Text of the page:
Assumptions That I Have Made

In terms of costs and expenses, GM has lumped its research and development expenses under the automotive cost of sales as shown in the following snapshot and excerpt extracted from its financial statement.

GM automotive costs of sales

GM automotive costs of sales

Research and Development Expenditures
Research and development expenditures, which are expensed as incurred in Automotive and other cost of sales, were $7.8 billion, $7.3 billion and $6.6 billion in the years ended December 31, 2018, 2017 and 2016. We enter into cost sharing arrangements with third parties or nonconsolidated affiliates for product-related research, engineering, design and development activities. Cost sharing payments and fees related to these arrangements are presented in Automotive and other cost of sales.

On the contrary, Tesla’s research and development expenses was separated from the automotive cost of sales and was classified under operating expenses.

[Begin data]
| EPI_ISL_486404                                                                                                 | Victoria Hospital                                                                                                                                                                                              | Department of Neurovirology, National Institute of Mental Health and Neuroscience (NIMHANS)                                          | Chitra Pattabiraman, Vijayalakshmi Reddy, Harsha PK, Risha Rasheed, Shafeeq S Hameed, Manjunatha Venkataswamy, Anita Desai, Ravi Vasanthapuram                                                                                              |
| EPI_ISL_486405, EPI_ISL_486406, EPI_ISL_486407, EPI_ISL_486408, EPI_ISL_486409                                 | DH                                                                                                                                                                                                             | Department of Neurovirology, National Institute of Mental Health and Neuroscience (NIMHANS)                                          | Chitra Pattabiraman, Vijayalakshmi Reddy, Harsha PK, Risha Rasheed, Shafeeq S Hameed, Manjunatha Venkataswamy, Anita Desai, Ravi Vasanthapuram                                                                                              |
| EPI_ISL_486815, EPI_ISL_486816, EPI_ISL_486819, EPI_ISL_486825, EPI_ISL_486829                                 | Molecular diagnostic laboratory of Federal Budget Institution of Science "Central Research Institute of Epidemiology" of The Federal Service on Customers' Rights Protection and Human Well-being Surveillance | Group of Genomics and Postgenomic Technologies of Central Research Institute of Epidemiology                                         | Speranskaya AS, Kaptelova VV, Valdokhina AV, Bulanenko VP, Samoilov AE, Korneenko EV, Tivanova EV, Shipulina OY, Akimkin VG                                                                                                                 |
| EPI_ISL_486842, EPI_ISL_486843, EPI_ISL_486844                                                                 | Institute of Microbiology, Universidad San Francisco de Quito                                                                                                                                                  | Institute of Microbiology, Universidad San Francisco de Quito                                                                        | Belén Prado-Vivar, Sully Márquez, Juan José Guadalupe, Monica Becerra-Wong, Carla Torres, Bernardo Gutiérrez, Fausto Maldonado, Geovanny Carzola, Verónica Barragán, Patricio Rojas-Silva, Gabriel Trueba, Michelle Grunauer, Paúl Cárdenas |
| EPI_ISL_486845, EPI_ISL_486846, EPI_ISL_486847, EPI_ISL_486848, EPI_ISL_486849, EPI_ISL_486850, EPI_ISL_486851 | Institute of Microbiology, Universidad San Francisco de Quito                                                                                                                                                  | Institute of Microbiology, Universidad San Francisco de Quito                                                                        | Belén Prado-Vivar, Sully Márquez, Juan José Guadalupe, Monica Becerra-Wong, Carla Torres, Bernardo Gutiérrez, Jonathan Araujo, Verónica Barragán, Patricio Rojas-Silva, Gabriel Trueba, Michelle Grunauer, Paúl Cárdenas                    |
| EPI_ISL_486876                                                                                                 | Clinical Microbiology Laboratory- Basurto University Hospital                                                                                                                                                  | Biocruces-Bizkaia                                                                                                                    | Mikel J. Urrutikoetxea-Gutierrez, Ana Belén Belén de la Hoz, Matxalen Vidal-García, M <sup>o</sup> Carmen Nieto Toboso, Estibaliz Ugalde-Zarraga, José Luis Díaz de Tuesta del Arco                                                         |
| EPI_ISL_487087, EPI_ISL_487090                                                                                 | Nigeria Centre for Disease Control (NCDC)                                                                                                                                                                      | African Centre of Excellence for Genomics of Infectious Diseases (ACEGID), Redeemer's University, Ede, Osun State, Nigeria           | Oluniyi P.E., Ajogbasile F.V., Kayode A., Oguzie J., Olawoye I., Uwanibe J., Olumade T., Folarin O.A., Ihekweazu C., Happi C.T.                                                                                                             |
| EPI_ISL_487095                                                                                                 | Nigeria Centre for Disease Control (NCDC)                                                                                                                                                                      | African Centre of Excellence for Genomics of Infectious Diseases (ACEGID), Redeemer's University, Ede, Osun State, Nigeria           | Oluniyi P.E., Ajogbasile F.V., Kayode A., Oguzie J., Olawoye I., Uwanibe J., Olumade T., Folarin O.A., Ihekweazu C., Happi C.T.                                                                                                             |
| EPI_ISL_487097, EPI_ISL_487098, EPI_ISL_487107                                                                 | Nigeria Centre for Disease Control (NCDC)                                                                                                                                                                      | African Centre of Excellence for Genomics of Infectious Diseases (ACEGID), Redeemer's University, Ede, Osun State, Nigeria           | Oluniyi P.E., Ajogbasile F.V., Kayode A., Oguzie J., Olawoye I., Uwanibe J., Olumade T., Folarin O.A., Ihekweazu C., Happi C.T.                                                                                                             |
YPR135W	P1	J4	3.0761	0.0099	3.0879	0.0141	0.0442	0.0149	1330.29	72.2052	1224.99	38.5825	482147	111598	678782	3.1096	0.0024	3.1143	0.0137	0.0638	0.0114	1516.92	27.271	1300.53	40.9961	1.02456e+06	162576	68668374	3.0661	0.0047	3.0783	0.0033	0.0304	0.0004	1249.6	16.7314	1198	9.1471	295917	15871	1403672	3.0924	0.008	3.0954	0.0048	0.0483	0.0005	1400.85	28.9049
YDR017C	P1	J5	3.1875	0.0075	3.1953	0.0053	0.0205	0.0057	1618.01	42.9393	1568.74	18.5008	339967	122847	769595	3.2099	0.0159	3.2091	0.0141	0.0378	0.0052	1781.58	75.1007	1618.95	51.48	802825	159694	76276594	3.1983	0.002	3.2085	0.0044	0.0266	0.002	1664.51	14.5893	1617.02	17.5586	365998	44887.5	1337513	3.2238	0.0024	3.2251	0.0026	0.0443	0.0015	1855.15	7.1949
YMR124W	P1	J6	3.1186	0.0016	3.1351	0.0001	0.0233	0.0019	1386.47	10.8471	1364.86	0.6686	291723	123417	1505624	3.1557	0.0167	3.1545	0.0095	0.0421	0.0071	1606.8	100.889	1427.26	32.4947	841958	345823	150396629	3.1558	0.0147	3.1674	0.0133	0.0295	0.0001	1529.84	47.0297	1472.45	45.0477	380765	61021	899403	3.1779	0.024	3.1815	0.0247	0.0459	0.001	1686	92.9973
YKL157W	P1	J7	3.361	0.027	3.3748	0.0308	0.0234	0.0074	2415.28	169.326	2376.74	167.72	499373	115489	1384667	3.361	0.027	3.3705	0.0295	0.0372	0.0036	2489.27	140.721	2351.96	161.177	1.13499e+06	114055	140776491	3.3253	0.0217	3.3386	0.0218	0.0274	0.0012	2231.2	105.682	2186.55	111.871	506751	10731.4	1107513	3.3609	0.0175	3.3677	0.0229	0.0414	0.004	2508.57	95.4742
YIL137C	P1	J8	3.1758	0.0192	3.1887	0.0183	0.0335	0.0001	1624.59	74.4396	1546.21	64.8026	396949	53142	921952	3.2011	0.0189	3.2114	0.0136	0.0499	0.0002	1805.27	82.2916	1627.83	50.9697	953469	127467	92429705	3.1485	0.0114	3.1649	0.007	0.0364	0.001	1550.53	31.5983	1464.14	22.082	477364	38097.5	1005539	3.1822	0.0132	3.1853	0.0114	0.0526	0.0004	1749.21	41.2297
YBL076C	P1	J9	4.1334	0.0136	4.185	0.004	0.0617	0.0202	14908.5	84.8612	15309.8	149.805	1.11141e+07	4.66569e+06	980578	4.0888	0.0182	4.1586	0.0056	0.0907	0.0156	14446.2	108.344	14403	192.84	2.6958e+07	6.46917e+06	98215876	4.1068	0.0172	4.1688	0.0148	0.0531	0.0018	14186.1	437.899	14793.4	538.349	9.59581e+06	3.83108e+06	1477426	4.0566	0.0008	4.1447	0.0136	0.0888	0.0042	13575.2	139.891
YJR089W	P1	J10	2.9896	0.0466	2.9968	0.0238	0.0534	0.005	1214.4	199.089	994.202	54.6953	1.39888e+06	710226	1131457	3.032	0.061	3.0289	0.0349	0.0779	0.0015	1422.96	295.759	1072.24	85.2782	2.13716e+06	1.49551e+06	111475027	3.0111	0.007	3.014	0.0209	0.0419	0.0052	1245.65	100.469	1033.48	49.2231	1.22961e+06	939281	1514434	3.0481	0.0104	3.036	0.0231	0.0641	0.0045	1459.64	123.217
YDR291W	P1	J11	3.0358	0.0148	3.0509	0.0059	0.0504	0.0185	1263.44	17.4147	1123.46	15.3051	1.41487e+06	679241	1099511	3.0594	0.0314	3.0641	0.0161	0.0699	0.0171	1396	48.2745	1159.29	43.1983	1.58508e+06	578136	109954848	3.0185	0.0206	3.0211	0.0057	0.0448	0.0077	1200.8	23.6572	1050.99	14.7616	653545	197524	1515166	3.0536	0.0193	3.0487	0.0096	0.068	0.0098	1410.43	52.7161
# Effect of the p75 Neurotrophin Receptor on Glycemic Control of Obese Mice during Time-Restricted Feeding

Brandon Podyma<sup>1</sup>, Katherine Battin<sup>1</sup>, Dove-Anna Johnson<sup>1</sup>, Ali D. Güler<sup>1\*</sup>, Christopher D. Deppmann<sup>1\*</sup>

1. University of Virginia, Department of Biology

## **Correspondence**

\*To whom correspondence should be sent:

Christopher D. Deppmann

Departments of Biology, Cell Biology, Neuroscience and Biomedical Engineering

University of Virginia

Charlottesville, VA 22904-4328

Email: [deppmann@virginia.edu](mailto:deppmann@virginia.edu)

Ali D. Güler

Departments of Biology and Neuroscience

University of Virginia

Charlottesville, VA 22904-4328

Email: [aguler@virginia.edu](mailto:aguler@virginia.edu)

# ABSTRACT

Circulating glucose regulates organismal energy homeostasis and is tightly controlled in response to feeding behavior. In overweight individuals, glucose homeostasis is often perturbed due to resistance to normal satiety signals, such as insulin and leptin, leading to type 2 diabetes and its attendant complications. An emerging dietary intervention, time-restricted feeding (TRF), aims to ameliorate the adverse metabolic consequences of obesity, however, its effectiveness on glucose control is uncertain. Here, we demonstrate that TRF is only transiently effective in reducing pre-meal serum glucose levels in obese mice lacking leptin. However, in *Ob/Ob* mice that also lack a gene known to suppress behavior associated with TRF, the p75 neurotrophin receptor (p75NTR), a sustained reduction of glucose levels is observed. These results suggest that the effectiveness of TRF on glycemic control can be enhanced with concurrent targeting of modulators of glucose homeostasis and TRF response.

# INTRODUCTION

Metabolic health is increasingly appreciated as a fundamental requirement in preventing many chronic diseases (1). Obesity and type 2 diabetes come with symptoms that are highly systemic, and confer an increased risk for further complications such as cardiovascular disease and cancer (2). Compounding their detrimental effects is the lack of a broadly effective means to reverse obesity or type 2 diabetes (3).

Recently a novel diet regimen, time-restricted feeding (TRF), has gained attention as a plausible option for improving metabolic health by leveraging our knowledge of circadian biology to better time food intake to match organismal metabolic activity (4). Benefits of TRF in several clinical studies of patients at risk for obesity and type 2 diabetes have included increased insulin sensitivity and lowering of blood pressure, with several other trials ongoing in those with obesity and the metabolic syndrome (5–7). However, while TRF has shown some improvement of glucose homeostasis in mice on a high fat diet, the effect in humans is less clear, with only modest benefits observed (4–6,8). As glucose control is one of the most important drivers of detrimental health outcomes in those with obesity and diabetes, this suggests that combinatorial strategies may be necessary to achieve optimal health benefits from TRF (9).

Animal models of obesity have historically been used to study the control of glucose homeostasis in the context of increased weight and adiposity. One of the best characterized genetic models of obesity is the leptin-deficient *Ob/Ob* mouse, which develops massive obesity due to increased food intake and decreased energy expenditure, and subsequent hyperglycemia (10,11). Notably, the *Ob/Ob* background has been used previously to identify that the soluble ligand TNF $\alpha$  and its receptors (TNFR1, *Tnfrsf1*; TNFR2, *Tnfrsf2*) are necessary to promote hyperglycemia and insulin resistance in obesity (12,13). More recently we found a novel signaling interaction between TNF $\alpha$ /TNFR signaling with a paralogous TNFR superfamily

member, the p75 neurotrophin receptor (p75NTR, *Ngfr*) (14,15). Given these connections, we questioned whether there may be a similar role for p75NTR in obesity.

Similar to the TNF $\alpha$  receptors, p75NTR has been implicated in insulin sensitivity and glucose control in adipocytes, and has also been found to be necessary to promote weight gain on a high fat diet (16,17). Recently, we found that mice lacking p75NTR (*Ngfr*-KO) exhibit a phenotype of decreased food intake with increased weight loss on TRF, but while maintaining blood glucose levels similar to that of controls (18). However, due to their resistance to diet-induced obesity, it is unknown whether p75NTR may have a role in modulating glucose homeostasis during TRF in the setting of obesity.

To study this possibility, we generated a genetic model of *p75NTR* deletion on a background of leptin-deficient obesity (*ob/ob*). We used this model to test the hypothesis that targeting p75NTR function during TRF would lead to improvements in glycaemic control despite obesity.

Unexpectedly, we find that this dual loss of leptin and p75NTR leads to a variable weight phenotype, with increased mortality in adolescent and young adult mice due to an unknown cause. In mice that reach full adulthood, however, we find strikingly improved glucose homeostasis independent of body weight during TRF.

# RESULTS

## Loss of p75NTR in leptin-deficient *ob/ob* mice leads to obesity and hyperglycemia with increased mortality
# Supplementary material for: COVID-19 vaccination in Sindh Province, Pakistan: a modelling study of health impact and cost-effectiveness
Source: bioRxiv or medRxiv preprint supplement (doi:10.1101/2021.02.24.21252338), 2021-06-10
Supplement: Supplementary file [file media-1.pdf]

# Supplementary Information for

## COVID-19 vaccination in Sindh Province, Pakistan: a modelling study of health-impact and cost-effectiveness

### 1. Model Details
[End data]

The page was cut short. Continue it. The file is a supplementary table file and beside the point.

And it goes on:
To compare both companies as similarly as possible, I have added Tesla’s research and development expenses back to its automotive cost of sales.

The problem is that not all research and development expenses were spent in the automotive sector. Some of the R&D expenses may have been spent on the energy business. As such, I have derived a percentage that is consistent with the ratio of automotive revenue to total revenue. This figure comes out to be around 80%. In other words, Tesla automotive revenue as a percentage of total revenue is around 80%.

Therefore, I have assumed that around 80% of research and development expenses were spent in the automotive segment. This 80% of R&D costs were then added to Tesla automotive cost of sales to arrive at a gross margin that is consistent with that of GM.

Finally, it seems like we are all set with the adjustments and assumptions. Let’s continue!

Automotive Revenue: Tesla vs GM

GM and Tesla automotive revenue comparison

GM and Tesla automotive revenue comparison